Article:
Sodium hypochlorite (NaOCl) is an excellent antimicrobial agent with nonspecific proteolytic action, which is the most commonly employed irrigant in the root canal therapy.[5] However, it does not remove the inorganic part of the smear layer.[5] Hence, in addition to NaOCl, it is essential to remove the smear layer with the use of a chelating agent.[6] Thus, final irrigation with a chelating agent plays an important role in the success of an endodontic treatment. Numerous chelating agents such as ethylenediaminetetraacetic acid (EDTA), maleic acid, citric acid, peracetic acid, etridonic acid, mixture of tetracycline, acid, and detergent (MTAD) and tetraclean have been used for the removal of smear layer.[7]

Maleic acid is a mild organic acid, which has the property of smear layer removal.[8] Final irrigation of root canal system with 7% maleic acid was found to be more effective for the removal of smear layer in the apical third, when compared to 17% EDTA.[8],[9]

QMix 2 in 1 is a root canal irrigating solution for smear layer removal, it has a mixture of polyaminocarboxylic acid calcium-chelating agent (EDTA), bisbiguanide antimicrobial agent (chlorhexidine), water, and a surfactant.[10] QMix formulations have performed superior smear layer removal and exposure of root canal dentinal tubules compared to 17% EDTA.[11]

Various root canal obturating materials have been developed in recent times, for improving the root canal seal and to increase the resistance of root canal treated teeth against tooth fracture.[12] GuttaFlow 2 is a self-curing, injectable cold flowable obturation system, with a combination of sealer and gutta-percha. It has polydimethylsiloxane matrix containing very finely ground gutta-percha (less than 30 μm) along with platinum catalyst, zirconium dioxide, and microsilver. It has been reported that GuttaFlow 2 expands by 0.2%, providing adequate adaptability to root canal walls.[13]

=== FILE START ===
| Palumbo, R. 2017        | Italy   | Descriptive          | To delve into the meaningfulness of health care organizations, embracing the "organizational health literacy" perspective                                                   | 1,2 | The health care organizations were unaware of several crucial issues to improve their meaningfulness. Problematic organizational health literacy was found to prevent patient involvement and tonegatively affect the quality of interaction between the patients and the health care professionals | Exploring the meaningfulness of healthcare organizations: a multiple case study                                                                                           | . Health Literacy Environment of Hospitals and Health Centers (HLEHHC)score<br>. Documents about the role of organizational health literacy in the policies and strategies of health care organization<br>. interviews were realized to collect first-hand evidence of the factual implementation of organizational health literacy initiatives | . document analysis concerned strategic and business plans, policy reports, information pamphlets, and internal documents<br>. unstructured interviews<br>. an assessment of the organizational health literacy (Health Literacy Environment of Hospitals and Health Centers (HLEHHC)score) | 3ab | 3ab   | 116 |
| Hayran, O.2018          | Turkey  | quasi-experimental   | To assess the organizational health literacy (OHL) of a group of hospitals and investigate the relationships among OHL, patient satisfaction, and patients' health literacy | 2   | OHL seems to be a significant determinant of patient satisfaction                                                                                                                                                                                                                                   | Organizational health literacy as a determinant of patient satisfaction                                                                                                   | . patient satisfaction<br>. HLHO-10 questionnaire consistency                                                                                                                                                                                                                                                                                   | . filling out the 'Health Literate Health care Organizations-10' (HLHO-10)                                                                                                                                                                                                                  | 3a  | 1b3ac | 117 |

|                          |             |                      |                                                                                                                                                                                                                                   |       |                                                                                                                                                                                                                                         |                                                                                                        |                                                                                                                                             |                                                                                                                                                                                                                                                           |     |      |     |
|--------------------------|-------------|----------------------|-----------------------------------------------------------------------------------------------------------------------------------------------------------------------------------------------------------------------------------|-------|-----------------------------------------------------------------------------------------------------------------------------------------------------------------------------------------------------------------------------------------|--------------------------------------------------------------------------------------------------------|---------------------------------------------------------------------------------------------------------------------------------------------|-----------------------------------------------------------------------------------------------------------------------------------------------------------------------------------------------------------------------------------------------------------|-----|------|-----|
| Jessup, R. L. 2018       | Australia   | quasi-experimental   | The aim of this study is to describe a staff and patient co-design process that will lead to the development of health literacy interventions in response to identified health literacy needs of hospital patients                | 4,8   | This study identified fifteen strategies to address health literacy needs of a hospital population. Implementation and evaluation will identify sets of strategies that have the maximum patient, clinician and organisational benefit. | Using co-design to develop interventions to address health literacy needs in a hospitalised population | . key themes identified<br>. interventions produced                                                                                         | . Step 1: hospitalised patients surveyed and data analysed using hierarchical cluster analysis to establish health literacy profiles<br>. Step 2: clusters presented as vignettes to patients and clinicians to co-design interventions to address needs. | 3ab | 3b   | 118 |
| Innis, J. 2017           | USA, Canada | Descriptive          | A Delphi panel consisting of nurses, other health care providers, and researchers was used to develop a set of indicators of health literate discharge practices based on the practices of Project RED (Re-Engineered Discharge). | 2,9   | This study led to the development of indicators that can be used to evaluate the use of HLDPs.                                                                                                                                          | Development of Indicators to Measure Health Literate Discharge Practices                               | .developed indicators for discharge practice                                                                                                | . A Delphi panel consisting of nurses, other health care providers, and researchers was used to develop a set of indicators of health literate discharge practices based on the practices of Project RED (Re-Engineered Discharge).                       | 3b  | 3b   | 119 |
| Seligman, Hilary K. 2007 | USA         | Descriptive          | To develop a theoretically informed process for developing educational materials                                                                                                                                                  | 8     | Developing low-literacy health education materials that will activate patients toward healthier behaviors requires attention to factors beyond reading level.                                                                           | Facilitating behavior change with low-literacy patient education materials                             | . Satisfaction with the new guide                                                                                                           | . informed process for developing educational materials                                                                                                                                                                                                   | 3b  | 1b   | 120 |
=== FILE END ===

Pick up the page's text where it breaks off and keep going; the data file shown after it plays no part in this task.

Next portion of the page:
Adhesion of the obturating materials on to the root canal dentinal walls is essential both in static and dynamic situations, and it depends on multiple factors such as surface tension and wettability of the sealers, surface free energy of the core materials or dentin, and the cleanliness of the root canal surface. In addition, the adhesive bond can be affected by stresses caused by dimensional changes during setting of the sealers and differences in their thermal expansion coefficients.[14]

Different studies have reported that irrigation with various chelating agents resulted in improved bond strength values for root canal obturating materials.[15] A few studies have reported the bond strength and sealing ability of GuttaFlow 2 to radicular dentin [16] but, till date, no study has investigated the push-out bond strength of GuttaFlow 2 to root canal dentin after final irrigation with different smear layer removal agents. Thus, the aim of the study was to evaluate and compare the influence of 7% maleic acid and QMix root canal irrigants on push-out bond strength of GuttaFlow 2 to radicular dentin.

  Materials and Methods Top